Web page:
The founder of a wiki site that attracted the force of Apple’s legal team hopes that his stand against Apple will create a precedent that will encourage online freedom in the future.
The arguments started last year when Apple’s lawyers accused an open source effort to help iPods and iPhones work with software other than Apple's iTunes of violating the Digital Millennium Copyright Act (DMCA) anti-circumvention provisions. Last November Apple's lawyers demanded that the Bluewiki , site remove the project, called iPodhash.
In April this year the Electronic Frontier Foundation (EFF) and the San Francisco law firm Keker & Van Nest sued Apple on behalf of Bluwiki, asking a court to reject Apple's claims and allow Bluwiki to restore the discussions.
This case was successful with Apple announcing that it has withdrawn its cease-and-desist demands.
Bluwiki’s creator Sam Odio said his immediate reaction to Apple dropping its case was one of relief.
“As the owner of a non-commercial wiki, I wasn't thrilled about the prospect of a prolonged legal battle,” he said.
“We had all hoped that this ‘stand’ against Apple would create a precedent that would support publishers in the future.”
Odio said he expects to complete some DMCA paperwork in the next month and then restore the removed pages.
“We have no idea if the community will return though,” he said.
Last November, the iPodhash project author outlined several reasons why the project was not illegal.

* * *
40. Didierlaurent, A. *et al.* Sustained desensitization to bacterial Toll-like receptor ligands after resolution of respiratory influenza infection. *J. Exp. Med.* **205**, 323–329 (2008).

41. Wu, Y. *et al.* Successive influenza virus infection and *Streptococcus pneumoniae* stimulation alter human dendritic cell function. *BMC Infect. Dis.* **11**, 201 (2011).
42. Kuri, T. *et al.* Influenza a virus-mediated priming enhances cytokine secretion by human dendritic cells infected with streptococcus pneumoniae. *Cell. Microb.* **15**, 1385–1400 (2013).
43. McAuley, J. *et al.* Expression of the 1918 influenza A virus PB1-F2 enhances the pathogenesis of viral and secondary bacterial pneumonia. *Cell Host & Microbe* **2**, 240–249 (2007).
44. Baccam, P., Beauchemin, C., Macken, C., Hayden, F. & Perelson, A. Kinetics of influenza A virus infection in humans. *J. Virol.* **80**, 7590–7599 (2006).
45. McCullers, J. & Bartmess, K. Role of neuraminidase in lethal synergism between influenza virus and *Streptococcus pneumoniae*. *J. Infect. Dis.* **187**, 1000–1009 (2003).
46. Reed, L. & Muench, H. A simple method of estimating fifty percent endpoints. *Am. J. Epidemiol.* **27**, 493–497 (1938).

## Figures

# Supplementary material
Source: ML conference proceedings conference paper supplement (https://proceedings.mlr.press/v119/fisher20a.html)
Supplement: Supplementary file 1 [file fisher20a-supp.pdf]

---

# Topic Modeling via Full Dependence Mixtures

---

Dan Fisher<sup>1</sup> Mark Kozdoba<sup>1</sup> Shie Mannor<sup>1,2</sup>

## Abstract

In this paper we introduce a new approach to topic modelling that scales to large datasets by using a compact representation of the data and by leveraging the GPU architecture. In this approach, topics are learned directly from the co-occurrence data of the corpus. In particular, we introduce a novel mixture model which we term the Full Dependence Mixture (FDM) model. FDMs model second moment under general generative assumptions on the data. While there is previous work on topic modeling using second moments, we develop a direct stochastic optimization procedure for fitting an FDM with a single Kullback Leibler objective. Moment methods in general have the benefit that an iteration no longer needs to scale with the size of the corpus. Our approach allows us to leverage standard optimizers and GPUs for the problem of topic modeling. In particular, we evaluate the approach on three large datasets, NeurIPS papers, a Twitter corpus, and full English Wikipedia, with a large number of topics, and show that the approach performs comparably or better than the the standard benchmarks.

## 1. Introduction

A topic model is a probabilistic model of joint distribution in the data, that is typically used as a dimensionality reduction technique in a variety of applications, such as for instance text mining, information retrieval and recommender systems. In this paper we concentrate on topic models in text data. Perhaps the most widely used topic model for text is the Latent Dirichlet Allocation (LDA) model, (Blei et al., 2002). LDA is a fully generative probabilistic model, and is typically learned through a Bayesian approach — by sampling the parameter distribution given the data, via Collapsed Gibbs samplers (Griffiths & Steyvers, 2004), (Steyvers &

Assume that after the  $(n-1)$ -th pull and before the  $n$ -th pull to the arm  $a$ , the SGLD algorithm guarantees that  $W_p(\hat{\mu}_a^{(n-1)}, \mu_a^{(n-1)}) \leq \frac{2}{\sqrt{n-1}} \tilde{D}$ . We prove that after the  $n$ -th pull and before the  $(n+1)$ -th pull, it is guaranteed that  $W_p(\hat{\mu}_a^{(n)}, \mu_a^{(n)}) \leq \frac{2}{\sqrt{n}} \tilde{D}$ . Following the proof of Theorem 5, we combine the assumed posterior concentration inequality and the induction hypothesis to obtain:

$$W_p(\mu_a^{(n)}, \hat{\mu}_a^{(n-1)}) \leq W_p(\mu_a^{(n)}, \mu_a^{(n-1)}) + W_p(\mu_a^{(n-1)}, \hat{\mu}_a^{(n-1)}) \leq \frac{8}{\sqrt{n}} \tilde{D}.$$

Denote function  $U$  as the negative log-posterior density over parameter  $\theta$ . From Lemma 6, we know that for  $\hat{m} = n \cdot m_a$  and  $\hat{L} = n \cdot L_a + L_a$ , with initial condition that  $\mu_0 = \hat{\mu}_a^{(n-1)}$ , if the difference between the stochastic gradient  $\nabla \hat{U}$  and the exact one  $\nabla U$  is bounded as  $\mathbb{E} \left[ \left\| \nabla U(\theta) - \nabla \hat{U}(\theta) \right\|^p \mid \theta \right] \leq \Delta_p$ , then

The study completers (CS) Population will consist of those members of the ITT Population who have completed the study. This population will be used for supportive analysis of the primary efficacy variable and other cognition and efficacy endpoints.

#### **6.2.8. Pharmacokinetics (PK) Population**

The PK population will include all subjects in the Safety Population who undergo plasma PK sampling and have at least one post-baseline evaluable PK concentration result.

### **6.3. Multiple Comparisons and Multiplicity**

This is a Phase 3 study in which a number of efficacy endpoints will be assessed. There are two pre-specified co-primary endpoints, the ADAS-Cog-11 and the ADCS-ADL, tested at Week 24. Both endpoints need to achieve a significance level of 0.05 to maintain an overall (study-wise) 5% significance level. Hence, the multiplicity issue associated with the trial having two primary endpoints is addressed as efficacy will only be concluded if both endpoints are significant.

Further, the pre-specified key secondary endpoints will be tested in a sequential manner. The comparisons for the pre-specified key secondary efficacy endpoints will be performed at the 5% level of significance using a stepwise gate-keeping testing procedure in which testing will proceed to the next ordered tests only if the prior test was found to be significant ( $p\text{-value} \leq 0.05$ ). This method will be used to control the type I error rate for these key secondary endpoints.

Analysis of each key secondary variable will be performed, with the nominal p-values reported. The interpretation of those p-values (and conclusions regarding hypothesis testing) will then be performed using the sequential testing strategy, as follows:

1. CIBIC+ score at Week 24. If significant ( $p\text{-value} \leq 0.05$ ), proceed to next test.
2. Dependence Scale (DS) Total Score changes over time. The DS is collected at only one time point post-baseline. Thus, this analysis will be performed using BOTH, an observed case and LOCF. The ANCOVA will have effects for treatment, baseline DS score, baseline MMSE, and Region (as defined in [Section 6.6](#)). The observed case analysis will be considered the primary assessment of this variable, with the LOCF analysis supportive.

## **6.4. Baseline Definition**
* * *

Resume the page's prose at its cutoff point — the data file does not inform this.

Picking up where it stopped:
“The iTunesDB [database] does not fall under the category of copyrighted material. The iPod hash protects the database. A database is not copyrighted information. It is created on the user’s iPhone/iPod by iTunes, and iTunes adds this hash to make sure that no other application can modify the database, but that does not make the "database" a copyrighted material,” he wrote.
“The hash protects the database from writing, so that third party applications can still read the database in the presence of this hash. DRM [Digital Rights Management] schemes usually prevent reading by third party applications. Hence this scheme does not fall under DRM protection.”
The author also pointed out that DMCA does not outlaw dissemination of information that could lead to circumvention.
“[Finally] we are doing this for interoperability with other platforms (such as Linux) and DMCA explicitly allows reverse engineering for compatibility purposes, hence I believe that there is nothing illegal about the project.”
With the Apple battle out of his way, Odio now has more time to pursue his other projects, many of which, like Bluwiki are supported by his own successful start up company, Odioworks. The company makes most of its revenue through a currency exchange business but also offers a range of other technology-based services.
The projects that Odio intends to focus on for now are photo-sharing site, Divvyshot and the further development of Hacker House, which organises houses for California-bound coders to live and work in.
It seems the 25 year-old Odio has made a living out of Linux, hacking and social networking, but he disagrees, pointing out that he is yet to make any money from Bluwiki.
He has, however, founded a successful start up that funds his various open source, social networking and hacking projects - something many would envy. Odio’s advice to others wanting to stake similar paths is that it is not easy. Besides the fact that you may find yourself occasionally defending legal battles, establishing your own business (and projects) is a lot of work.
“Be prepared for a long, hard road. Success in start ups rarely comes easily,” he said.